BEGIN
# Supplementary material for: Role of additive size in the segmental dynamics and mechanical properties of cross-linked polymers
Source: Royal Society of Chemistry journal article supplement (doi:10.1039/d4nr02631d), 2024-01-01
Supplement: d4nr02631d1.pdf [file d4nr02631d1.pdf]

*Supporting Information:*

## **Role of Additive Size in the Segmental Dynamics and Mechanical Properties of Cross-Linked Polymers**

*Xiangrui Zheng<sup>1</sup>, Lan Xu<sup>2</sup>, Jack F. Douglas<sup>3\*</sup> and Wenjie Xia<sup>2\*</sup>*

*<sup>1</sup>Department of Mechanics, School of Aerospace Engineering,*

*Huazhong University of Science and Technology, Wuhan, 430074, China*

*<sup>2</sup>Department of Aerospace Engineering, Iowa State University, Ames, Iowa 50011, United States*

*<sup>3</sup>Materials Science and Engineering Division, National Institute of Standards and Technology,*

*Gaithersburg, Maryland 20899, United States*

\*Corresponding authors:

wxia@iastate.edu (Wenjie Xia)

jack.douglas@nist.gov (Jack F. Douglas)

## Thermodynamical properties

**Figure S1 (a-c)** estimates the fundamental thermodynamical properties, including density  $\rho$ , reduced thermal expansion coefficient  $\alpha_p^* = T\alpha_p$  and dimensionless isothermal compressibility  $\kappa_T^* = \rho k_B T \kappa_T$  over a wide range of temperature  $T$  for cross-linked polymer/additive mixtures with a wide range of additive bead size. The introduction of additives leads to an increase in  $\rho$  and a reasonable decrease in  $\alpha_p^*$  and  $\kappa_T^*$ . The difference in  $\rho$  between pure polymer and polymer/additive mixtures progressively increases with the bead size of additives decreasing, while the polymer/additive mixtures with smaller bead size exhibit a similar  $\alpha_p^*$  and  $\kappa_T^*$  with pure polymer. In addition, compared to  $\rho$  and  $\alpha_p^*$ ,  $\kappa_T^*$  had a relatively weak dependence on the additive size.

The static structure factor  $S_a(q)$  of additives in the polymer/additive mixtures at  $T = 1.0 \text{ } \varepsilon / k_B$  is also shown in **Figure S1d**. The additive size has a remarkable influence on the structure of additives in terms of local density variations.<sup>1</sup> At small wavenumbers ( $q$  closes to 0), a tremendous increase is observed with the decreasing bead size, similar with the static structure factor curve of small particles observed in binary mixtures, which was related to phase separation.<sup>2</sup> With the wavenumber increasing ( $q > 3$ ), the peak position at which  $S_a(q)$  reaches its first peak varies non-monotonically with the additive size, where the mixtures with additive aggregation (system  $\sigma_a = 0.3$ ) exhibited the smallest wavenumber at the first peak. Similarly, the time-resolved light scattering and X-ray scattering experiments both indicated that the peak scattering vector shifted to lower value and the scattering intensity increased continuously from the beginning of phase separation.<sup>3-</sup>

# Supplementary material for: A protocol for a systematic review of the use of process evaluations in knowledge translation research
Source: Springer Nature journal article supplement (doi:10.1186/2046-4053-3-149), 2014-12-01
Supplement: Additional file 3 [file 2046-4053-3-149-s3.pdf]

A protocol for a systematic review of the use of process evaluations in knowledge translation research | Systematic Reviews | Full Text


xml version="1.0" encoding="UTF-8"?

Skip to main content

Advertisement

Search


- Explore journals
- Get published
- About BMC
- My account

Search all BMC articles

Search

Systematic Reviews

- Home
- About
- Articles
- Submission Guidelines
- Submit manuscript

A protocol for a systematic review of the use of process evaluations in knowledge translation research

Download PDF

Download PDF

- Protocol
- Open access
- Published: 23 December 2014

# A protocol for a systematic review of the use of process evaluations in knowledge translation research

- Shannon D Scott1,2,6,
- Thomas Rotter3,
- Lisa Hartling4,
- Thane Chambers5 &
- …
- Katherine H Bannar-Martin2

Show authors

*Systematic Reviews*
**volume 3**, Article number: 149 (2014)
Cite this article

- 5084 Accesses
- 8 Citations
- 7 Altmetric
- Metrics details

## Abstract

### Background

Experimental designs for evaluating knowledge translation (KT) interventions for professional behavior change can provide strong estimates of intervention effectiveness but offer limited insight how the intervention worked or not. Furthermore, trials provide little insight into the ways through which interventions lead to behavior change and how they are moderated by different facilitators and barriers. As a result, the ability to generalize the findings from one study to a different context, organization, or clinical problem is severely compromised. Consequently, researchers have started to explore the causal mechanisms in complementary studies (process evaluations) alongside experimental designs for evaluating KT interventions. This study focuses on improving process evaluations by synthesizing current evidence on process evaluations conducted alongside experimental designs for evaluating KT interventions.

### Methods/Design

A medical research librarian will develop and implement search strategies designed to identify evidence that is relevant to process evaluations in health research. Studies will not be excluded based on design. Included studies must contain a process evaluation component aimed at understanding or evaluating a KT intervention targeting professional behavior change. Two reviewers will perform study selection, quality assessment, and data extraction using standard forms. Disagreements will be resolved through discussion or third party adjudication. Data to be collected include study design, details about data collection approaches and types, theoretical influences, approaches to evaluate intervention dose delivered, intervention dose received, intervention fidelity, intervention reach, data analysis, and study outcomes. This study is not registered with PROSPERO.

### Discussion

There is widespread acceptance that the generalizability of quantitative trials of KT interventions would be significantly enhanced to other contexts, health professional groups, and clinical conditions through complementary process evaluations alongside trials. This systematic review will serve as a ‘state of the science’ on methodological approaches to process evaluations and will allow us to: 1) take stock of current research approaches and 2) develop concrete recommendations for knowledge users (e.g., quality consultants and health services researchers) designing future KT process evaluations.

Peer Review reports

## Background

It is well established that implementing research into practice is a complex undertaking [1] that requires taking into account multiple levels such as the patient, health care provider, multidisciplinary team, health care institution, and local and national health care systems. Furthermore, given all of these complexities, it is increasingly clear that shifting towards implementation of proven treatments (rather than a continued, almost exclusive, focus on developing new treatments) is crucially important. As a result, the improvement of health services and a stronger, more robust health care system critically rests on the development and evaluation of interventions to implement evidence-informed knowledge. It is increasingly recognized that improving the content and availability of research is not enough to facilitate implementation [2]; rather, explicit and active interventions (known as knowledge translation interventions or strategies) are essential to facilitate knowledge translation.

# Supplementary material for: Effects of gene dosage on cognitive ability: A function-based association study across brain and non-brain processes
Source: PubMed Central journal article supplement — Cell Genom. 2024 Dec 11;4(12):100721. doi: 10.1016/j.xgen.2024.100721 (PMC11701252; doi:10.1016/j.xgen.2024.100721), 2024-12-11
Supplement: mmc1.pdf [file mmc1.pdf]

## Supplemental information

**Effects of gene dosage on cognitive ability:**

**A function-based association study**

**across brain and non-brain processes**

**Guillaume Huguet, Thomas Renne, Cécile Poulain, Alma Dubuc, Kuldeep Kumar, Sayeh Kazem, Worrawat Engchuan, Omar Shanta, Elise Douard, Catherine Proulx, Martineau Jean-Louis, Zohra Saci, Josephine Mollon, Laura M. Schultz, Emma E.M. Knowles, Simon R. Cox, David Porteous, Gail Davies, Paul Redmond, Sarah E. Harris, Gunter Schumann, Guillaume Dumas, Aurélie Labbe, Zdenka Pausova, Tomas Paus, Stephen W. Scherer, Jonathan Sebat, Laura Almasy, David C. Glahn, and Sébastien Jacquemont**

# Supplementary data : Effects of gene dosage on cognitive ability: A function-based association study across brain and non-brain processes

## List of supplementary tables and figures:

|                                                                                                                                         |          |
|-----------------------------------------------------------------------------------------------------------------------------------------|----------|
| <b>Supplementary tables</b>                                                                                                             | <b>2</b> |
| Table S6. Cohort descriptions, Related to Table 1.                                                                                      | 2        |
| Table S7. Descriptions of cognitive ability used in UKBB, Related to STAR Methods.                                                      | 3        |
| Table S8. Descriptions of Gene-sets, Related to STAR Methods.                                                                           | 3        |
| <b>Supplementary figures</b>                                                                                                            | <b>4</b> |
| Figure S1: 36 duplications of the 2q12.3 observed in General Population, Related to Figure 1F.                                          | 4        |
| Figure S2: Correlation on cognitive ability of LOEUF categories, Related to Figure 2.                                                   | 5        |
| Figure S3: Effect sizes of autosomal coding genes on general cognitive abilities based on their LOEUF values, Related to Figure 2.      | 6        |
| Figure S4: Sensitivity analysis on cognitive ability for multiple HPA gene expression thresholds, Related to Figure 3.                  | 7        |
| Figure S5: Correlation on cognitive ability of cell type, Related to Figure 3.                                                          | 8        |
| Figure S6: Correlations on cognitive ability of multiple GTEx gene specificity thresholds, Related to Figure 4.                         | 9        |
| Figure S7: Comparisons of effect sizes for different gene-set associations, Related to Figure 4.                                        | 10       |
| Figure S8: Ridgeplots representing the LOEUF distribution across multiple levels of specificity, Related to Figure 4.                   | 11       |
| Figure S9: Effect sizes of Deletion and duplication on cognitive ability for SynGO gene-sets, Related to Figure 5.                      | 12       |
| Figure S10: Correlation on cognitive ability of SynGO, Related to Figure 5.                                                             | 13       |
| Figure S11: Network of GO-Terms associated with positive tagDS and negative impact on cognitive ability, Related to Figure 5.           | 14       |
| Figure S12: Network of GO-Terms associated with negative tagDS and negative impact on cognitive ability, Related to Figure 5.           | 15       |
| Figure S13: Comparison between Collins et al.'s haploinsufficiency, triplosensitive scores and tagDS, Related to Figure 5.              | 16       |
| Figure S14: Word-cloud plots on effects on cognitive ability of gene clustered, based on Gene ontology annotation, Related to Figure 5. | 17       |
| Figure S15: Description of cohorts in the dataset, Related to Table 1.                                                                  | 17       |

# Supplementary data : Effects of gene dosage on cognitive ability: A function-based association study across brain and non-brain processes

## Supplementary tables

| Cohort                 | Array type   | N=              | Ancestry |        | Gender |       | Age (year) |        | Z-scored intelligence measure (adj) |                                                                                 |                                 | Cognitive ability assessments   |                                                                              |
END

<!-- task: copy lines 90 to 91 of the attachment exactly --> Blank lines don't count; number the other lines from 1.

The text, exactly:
| Figure S5: Correlation on cognitive ability of cell type, Related to Figure 3.                                                          | 8        |
| Figure S6: Correlations on cognitive ability of multiple GTEx gene specificity thresholds, Related to Figure 4.                         | 9        |